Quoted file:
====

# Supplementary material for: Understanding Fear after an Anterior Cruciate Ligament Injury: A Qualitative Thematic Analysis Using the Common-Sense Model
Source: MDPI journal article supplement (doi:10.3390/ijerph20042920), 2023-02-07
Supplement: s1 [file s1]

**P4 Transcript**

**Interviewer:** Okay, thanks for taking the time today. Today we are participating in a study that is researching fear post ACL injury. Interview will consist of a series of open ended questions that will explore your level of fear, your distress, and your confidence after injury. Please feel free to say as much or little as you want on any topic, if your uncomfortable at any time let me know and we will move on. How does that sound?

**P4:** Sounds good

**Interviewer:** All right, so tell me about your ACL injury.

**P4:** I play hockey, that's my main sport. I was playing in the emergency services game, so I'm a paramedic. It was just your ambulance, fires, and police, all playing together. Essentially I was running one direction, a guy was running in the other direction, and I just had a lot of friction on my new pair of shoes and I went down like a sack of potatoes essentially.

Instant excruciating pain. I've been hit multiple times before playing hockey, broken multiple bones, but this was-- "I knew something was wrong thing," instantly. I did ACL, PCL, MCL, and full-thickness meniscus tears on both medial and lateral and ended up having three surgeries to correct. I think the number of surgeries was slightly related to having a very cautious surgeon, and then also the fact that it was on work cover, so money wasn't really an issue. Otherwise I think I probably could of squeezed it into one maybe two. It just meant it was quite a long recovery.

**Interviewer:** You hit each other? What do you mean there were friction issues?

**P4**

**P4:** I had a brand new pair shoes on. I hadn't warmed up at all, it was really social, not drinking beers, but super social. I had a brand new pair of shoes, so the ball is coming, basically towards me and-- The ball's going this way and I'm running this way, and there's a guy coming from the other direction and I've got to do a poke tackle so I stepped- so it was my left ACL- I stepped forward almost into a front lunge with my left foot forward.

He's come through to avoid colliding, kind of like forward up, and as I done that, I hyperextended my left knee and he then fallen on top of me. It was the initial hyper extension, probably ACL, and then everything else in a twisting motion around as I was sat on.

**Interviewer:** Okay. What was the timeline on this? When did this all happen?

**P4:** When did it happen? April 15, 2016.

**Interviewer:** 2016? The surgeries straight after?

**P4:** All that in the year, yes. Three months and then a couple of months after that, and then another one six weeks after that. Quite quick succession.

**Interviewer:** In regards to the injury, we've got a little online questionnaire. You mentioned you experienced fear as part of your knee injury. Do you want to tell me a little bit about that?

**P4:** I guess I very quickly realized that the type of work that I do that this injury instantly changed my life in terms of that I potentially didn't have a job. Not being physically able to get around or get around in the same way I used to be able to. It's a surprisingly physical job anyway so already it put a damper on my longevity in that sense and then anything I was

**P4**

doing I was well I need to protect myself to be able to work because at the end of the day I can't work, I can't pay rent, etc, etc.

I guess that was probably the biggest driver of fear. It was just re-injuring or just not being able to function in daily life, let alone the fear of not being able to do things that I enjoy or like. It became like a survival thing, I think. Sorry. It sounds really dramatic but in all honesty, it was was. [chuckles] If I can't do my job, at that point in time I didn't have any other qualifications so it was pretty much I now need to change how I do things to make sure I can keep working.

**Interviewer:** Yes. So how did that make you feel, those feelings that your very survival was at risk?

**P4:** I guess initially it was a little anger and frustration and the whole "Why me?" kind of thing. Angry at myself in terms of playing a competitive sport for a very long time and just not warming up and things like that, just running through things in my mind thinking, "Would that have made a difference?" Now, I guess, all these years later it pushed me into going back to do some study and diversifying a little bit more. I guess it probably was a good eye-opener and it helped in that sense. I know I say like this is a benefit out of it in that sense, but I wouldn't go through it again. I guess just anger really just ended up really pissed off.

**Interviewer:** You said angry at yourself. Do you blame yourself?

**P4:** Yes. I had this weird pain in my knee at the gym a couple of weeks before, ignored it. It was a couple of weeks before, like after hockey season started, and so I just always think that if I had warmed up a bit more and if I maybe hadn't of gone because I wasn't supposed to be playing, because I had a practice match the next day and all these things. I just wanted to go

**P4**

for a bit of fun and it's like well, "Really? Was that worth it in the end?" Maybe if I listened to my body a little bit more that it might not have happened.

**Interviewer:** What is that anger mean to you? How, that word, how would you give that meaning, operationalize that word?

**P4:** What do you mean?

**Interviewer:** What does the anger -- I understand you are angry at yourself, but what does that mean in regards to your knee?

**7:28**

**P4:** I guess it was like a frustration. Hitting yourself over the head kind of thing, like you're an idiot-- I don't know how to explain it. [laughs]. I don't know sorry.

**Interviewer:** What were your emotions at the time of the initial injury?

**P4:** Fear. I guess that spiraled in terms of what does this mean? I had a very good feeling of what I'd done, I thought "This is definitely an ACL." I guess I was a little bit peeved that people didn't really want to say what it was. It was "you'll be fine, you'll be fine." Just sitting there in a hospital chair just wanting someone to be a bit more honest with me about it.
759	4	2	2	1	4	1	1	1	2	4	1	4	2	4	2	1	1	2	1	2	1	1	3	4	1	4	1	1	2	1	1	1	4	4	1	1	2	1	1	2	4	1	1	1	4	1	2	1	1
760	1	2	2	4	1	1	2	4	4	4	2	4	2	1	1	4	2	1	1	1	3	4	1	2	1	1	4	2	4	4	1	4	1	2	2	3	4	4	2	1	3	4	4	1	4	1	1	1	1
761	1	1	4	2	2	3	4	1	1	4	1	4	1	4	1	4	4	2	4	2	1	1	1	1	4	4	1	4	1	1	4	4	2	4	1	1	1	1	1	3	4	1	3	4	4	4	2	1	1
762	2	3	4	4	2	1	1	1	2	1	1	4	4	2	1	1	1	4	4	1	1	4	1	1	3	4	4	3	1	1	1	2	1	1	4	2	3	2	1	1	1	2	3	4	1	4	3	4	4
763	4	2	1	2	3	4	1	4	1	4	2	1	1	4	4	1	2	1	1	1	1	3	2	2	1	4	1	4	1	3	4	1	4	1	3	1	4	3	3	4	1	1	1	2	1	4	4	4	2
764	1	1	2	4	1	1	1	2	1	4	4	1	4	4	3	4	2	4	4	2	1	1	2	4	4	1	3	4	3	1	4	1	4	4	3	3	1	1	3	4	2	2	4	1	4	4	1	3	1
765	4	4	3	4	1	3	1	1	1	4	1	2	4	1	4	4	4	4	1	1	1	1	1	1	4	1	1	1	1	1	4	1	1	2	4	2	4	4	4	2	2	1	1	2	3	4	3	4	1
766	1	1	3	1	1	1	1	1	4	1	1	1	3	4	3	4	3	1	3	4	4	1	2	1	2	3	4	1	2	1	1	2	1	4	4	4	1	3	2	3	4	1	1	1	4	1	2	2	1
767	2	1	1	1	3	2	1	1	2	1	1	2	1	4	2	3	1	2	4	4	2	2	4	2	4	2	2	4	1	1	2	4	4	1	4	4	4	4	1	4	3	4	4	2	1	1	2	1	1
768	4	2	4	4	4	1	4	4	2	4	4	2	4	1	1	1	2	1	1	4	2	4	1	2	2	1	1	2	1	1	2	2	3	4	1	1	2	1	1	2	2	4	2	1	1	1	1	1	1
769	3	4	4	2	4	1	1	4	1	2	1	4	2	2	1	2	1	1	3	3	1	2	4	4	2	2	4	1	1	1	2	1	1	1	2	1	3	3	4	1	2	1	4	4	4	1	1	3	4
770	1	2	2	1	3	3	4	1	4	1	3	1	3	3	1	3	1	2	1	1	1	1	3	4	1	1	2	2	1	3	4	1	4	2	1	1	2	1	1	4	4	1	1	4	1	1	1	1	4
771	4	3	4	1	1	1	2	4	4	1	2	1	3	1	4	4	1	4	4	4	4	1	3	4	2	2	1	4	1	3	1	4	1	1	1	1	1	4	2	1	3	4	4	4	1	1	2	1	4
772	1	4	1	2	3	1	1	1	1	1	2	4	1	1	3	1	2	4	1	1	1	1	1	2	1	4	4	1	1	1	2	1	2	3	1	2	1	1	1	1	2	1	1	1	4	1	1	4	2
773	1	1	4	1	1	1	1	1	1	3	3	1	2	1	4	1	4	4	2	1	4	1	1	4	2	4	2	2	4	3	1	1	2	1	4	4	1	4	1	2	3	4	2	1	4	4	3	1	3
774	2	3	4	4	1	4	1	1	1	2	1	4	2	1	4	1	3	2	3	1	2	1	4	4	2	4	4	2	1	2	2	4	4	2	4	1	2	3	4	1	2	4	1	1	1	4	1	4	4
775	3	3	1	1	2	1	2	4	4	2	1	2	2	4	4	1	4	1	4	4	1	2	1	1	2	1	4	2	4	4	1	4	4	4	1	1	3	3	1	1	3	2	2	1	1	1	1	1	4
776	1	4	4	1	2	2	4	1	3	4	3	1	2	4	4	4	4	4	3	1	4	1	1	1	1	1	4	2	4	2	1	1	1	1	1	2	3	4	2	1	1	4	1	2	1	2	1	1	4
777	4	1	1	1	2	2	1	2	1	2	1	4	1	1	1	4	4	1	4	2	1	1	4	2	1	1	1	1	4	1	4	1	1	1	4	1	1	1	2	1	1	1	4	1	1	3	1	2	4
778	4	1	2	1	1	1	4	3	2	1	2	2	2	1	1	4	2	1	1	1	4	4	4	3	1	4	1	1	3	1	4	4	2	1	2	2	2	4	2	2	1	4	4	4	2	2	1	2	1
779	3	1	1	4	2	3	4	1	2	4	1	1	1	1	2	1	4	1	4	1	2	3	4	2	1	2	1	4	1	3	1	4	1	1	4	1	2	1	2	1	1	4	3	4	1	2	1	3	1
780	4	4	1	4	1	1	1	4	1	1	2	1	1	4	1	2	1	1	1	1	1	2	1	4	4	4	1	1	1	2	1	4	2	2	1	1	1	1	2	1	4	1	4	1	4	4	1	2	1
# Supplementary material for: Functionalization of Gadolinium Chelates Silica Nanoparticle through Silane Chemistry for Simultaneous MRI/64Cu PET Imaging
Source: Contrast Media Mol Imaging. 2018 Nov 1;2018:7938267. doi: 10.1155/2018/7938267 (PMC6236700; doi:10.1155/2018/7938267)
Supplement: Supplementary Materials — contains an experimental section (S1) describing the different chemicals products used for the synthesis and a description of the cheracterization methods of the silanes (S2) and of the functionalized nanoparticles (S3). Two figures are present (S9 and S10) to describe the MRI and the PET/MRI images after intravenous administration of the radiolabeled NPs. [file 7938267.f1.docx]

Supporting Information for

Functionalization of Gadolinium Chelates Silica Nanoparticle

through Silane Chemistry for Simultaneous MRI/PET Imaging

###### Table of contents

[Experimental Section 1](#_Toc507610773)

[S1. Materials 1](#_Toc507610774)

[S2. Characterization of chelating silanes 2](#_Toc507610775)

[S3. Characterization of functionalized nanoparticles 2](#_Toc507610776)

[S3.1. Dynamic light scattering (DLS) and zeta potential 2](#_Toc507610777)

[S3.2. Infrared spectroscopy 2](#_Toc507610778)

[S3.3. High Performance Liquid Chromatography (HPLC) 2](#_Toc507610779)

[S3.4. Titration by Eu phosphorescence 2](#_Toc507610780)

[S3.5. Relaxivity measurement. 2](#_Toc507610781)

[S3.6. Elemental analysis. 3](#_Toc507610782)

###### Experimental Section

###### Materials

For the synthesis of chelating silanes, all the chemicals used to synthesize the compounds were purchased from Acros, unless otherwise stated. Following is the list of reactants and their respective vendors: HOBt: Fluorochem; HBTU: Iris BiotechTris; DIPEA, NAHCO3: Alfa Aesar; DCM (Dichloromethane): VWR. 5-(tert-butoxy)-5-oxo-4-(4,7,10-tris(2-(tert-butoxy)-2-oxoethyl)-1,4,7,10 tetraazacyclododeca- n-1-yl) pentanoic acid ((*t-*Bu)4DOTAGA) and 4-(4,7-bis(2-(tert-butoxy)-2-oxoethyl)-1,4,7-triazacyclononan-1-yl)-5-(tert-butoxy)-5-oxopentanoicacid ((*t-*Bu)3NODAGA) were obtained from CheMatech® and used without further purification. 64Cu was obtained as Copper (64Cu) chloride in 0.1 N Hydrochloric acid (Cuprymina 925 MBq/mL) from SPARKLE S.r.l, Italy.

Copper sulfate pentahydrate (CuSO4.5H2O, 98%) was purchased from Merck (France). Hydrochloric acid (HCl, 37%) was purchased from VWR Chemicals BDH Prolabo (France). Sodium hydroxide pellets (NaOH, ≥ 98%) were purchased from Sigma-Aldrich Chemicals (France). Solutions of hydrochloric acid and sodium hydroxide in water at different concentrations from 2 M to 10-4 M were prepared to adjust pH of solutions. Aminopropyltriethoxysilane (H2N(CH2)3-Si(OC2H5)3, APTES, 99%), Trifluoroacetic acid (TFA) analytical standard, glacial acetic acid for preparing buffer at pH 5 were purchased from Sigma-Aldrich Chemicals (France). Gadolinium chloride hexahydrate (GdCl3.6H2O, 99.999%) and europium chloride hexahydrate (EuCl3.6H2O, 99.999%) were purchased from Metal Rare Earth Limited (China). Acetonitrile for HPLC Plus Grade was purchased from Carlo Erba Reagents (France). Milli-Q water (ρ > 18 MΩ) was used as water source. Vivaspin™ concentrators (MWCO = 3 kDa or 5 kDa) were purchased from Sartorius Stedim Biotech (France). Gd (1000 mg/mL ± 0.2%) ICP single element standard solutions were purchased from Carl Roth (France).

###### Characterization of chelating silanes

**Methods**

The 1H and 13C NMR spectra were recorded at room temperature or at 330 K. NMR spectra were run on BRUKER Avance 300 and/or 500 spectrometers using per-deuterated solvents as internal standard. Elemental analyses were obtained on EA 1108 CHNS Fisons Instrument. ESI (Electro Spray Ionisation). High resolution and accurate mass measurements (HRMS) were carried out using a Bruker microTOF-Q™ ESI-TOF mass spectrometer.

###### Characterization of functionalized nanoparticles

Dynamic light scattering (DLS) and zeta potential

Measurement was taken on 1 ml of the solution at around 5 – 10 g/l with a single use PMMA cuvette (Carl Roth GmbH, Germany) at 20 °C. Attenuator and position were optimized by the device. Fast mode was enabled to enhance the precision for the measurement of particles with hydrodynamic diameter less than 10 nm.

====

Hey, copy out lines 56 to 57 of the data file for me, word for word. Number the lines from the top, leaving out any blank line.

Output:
779	3	1	1	4	2	3	4	1	2	4	1	1	1	1	2	1	4	1	4	1	2	3	4	2	1	2	1	4	1	3	1	4	1	1	4	1	2	1	2	1	1	4	3	4	1	2	1	3	1
780	4	4	1	4	1	1	1	4	1	1	2	1	1	4	1	2	1	1	1	1	1	2	1	4	4	4	1	1	1	2	1	4	2	2	1	1	1	1	2	1	4	1	4	1	4	4	1	2	1